Over on Boing Boing, Cory Doctorow posted about the Adobe Creative Cloud outage:
As Adobe Creative Suite struggles with its license-server outage, stranding creative professionals around the world without a way of earning their living, a timely reminder: a cloud computer is a computer you’re only allowed to use if the phone company and a DRM-peddling giant like Adobe gives you permission, and they can withdraw that permission at any time.
I typically find Cory to be very insightful. I think he has a point here, but misses another point. True, renting cloud servers and applications, particularly ones that rely on DRM and license servers, is putting yourself and your money at the mercy of another person or corporation where you have little to no control short of taking your money somewhere else. I understand that he is speaking narrowly of renting cloud software versus purchasing licensed software to install directly on a computer that you own (although with Adobe’s phone-home licensing, this would still be an issue if you lose Internet connectivity enough when attempting to use their products).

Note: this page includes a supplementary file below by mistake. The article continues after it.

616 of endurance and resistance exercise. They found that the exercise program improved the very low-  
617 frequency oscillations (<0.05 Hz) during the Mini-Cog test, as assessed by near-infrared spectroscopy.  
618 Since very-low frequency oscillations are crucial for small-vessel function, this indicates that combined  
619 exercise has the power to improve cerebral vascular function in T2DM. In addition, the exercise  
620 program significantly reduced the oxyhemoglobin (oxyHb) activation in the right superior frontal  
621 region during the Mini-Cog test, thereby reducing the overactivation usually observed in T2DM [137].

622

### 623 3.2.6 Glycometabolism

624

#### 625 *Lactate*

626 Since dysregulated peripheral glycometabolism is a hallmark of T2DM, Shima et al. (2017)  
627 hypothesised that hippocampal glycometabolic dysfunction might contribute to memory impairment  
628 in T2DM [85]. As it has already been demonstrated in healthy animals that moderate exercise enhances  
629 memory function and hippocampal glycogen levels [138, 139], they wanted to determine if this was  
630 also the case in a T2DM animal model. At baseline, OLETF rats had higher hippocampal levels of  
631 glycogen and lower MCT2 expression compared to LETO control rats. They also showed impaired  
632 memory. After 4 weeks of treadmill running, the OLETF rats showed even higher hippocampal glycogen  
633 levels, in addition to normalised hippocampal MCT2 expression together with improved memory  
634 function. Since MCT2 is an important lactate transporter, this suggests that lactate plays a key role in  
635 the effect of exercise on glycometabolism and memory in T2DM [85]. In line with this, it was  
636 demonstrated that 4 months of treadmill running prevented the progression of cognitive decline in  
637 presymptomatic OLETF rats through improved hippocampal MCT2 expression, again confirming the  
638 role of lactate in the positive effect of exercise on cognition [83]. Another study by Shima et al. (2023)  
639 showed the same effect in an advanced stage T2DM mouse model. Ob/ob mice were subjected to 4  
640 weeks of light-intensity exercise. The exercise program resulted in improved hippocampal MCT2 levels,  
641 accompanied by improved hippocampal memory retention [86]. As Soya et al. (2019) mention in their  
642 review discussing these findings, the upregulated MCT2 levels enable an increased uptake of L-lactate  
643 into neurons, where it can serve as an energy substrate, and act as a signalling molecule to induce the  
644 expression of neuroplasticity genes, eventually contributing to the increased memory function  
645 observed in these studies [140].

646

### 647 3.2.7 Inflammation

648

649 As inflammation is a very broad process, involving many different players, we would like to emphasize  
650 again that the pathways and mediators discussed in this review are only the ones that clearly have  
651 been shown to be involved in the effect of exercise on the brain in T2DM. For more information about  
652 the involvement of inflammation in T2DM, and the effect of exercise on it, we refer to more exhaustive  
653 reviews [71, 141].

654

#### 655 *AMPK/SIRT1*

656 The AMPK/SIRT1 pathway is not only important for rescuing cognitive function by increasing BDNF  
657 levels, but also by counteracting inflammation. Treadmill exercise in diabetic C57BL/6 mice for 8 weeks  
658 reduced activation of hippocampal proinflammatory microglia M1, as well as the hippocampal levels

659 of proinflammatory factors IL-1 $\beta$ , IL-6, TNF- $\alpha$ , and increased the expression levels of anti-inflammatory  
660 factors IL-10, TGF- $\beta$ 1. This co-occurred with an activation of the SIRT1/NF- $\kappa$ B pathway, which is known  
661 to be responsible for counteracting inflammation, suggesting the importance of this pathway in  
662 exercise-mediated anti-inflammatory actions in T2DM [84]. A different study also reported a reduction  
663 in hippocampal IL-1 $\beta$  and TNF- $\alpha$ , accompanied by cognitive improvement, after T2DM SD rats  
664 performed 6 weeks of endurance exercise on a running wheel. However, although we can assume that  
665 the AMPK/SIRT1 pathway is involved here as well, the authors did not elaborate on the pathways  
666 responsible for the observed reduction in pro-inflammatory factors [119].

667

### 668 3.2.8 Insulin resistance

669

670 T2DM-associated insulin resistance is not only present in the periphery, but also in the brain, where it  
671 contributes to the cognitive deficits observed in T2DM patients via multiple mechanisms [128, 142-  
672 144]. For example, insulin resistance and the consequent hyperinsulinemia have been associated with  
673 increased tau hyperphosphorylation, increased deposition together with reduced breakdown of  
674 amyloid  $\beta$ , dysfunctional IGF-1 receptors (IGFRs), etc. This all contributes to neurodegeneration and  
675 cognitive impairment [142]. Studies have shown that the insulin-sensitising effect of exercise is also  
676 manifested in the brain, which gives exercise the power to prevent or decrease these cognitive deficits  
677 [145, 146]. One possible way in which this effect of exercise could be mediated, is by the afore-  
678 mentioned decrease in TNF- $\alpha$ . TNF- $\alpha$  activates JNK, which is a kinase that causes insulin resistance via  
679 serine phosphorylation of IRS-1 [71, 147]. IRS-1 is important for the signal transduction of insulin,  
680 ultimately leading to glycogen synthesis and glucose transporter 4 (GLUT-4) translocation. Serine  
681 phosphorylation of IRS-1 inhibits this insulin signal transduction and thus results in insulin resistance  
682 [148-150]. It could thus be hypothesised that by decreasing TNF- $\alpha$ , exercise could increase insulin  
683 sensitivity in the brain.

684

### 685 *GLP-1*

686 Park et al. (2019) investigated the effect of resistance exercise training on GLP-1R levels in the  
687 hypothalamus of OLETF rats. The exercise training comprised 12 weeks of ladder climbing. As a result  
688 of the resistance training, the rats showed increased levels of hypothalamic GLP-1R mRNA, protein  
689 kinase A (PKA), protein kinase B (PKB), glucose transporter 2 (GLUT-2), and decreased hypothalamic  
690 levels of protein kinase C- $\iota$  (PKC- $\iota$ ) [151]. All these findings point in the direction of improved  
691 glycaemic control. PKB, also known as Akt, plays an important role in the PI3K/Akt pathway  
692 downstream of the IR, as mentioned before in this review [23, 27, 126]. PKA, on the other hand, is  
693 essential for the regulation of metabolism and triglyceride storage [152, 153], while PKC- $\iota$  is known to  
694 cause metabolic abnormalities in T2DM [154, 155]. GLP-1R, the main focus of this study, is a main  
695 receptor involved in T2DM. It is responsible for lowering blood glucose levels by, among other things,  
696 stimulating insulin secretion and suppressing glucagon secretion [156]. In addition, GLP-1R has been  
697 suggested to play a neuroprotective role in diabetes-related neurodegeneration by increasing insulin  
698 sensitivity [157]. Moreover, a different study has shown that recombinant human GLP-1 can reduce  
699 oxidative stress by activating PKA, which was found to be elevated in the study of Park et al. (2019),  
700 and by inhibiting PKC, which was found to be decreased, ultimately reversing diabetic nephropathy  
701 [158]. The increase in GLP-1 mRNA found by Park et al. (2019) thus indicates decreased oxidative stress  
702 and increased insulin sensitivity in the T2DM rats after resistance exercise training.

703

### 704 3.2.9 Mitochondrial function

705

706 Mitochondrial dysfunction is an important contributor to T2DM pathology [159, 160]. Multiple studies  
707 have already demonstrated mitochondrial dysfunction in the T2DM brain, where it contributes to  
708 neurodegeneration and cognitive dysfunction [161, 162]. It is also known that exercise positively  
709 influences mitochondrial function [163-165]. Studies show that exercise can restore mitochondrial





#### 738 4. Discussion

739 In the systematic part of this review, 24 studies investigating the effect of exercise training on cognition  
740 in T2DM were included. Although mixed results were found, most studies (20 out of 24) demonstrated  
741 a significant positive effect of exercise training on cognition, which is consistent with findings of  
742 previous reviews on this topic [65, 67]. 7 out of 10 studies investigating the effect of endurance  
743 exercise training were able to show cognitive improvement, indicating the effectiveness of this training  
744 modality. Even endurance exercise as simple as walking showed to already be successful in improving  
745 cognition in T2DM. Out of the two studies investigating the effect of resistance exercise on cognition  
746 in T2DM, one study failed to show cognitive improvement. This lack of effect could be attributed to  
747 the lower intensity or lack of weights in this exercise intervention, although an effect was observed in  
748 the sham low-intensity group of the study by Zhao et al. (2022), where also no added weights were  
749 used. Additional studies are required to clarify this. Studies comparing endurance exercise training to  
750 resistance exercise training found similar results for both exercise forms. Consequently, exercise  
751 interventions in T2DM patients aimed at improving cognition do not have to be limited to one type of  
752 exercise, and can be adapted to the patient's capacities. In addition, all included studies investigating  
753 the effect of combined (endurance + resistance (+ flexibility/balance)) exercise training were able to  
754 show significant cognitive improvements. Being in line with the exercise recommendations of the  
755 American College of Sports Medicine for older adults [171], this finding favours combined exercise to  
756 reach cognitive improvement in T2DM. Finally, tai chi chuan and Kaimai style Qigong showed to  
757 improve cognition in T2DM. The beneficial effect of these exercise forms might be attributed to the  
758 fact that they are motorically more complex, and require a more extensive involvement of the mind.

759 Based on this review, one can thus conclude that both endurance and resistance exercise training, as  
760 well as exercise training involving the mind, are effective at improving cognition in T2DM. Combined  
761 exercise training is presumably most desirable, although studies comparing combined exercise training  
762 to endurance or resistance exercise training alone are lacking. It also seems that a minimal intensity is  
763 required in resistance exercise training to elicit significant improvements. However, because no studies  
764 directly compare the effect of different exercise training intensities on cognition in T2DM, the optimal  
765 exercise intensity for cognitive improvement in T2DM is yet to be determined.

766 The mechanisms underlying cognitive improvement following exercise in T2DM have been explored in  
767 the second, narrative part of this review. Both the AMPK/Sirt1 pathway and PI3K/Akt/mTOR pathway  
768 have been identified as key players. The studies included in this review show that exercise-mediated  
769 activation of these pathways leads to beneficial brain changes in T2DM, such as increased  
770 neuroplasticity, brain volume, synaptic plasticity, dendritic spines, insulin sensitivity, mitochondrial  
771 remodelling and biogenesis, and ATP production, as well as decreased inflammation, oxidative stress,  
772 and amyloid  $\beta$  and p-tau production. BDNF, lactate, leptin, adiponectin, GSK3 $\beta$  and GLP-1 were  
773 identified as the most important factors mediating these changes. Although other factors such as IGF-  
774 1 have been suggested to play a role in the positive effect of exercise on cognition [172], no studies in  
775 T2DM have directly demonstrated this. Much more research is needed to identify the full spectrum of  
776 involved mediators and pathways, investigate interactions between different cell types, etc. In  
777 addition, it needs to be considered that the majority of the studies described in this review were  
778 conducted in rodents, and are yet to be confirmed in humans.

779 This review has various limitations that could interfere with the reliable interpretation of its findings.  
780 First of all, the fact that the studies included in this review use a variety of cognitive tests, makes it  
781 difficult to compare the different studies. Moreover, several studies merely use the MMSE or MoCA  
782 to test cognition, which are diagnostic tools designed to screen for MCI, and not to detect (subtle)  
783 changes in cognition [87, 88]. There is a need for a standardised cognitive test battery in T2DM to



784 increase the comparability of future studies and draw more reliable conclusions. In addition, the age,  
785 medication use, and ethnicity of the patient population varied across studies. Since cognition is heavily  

However, we are all subject to the whims of the telecommunications providers to leverage the Internet for applications and web sites. If Comcast decides to stop accepting my money as a customer, I have no other options to connect with the outside world. (That’s not entirely true. I could still use POTS lines for dial-up, and I believe Verizon may have a DSL option in our area, but the options are not comparable to cable connectivity.) And that is a real problem. As a customer of Comcast, I must maintain a tenuous balance between being irritated with their service (or lack thereof) and preventing them from becoming irritated with me for asking for the level of service that I pay them to provide.
I realize I cannot run my own telecommunications infrastructure, but I also realize that there is a real lack of competition in most municipalities, and that is a problem. Even the server I run this site on is a rented piece of equipment that is controlled by the hosting company I pay who in turn are relying on the services of their bandwidth providers. Let’s face it. The Adobe license server outage is a huge problem for a lot of people. It is also a great example of why service level agreements are so important, and why fault tolerant enterprise infrastructure is critical.
I don’t know the details of the license server failure, but Adobe needs to ensure that they correct the infrastructure failures to prevent this from happening again. In addition, they need to reimburse customers for the failure to meet their SLA. As for the telecommunications issue… well, Cory has written far more about that state of affairs than I have or ever will, but there is room for improvement. There is a fair level of certainty that the phone company will not take its ball and go home, leaving us with no connection to the outside world, but it is true that we are entirely dependent on them in the Internet age.